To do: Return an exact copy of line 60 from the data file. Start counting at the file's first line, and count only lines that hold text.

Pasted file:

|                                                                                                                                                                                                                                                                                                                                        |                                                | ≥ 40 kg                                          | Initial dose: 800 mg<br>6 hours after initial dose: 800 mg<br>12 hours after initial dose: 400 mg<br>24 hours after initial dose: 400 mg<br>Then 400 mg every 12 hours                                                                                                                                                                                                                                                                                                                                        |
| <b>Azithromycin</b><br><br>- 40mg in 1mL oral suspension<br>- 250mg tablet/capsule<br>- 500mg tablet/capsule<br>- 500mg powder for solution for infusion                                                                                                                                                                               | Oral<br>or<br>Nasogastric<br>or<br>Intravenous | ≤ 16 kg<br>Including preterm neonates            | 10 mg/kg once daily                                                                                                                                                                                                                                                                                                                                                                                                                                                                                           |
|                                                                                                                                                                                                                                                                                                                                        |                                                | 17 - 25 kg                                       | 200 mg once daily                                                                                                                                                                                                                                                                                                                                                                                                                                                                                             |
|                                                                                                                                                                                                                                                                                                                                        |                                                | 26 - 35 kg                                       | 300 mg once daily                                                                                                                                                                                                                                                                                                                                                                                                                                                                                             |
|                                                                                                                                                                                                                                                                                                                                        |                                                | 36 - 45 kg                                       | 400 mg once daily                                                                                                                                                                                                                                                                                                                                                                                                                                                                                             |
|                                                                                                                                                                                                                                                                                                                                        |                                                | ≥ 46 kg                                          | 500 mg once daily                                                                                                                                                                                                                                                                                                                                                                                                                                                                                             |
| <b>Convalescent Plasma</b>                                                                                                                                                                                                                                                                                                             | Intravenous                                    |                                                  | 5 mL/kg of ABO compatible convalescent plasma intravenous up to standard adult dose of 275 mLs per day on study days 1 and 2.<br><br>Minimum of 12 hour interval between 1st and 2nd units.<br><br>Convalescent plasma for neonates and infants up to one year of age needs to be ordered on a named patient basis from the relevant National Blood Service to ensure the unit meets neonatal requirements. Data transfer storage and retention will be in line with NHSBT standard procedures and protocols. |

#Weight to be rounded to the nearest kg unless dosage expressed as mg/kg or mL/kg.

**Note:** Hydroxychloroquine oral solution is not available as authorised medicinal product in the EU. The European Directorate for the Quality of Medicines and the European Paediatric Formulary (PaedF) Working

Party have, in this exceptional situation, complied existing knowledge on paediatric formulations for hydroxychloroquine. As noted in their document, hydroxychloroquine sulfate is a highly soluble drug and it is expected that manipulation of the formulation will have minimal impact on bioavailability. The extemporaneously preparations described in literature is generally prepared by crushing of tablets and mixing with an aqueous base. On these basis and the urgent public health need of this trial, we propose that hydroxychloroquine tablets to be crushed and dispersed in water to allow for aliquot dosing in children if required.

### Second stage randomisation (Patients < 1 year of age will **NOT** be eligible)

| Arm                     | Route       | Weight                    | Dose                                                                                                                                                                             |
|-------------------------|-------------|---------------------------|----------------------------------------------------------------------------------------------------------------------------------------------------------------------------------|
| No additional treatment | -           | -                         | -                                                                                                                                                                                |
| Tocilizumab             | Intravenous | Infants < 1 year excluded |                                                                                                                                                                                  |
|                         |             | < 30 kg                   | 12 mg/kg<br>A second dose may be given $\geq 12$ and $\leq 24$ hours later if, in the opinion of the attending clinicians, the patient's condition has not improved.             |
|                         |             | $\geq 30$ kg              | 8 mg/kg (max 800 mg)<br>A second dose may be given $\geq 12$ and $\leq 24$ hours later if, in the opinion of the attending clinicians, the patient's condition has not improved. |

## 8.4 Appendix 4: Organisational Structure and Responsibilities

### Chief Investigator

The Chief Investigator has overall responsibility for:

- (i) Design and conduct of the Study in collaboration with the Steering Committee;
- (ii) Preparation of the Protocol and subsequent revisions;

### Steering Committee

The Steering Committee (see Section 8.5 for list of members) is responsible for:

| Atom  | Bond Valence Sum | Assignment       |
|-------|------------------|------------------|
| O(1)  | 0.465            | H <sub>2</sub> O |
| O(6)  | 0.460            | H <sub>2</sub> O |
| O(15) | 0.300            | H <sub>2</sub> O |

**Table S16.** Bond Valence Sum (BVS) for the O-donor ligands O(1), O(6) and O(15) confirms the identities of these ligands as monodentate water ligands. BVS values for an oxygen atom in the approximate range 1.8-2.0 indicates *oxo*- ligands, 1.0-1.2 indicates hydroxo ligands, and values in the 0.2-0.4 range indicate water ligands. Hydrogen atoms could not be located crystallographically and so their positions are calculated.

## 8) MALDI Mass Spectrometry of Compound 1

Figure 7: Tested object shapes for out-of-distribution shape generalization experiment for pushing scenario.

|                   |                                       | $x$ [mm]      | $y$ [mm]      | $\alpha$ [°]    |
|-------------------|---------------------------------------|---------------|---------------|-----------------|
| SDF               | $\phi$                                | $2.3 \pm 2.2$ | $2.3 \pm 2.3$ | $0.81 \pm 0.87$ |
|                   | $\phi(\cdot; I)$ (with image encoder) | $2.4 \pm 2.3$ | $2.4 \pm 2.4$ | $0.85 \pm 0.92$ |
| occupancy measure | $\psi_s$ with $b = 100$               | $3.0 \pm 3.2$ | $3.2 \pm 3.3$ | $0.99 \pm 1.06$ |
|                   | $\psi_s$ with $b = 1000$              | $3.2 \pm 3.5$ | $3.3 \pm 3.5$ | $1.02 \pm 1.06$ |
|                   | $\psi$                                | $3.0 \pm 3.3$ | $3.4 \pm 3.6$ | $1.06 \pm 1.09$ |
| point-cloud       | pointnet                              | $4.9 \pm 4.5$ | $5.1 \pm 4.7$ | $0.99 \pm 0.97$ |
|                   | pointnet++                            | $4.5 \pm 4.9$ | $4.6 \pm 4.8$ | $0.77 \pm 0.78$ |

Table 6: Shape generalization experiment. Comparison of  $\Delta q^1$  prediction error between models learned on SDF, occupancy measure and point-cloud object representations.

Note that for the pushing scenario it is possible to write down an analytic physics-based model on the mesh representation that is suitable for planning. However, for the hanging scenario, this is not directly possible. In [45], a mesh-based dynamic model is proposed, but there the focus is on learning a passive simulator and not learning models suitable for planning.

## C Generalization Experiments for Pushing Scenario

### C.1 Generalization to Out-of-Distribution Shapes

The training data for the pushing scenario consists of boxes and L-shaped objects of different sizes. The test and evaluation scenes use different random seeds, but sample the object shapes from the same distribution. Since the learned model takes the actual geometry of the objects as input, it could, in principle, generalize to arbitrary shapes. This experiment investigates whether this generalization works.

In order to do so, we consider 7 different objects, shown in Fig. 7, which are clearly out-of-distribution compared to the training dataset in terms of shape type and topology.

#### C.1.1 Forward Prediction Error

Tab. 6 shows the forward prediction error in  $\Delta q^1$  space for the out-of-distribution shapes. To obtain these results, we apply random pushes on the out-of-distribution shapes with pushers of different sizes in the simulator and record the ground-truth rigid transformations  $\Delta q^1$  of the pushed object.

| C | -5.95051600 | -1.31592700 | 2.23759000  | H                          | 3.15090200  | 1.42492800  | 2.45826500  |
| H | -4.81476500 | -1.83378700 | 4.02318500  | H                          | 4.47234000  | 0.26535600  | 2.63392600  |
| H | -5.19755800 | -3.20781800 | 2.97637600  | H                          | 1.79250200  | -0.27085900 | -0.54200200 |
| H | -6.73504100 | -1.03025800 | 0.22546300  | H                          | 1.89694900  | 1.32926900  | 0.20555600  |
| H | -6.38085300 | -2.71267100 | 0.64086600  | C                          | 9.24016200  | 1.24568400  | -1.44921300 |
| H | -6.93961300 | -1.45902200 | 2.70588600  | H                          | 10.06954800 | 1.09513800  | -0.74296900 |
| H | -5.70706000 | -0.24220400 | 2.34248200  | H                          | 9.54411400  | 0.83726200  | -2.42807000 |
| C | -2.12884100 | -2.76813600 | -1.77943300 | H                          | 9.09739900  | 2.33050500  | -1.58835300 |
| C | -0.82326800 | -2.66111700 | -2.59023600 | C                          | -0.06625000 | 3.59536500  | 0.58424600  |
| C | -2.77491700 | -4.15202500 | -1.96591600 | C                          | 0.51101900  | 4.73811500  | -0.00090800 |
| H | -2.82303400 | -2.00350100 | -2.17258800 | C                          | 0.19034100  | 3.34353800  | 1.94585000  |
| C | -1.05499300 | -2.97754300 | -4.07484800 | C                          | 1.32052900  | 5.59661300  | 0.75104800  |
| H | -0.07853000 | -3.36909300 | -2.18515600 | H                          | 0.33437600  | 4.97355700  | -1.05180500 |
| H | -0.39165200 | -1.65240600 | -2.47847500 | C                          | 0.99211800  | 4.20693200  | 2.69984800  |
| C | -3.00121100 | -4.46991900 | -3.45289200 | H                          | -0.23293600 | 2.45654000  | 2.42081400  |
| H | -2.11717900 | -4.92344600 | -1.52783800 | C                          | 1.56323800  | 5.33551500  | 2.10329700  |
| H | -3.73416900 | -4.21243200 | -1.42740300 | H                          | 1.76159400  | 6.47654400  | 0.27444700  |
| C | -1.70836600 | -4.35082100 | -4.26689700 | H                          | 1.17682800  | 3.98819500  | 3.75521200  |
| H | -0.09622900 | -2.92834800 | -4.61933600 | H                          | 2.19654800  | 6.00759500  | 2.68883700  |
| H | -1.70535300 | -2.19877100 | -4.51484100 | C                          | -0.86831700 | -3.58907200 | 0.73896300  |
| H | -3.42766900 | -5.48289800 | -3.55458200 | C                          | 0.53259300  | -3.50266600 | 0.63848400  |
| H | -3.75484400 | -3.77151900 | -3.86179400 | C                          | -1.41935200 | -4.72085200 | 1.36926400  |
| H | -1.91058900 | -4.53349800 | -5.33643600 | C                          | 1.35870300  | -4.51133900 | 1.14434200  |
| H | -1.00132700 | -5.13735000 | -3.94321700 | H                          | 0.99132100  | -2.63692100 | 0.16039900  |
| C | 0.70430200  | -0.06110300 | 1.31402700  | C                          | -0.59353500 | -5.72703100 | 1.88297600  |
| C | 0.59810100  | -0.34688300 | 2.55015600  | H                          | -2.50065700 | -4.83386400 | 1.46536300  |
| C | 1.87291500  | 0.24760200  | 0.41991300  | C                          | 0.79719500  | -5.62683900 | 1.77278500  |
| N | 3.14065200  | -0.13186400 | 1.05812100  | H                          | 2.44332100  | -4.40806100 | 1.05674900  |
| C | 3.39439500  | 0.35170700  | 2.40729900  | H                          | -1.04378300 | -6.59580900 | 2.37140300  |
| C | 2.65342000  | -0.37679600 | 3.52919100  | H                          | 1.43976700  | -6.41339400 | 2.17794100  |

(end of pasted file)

| H | -2.82303400 | -2.00350100 | -2.17258800 | C                          | 0.19034100  | 3.34353800  | 1.94585000  |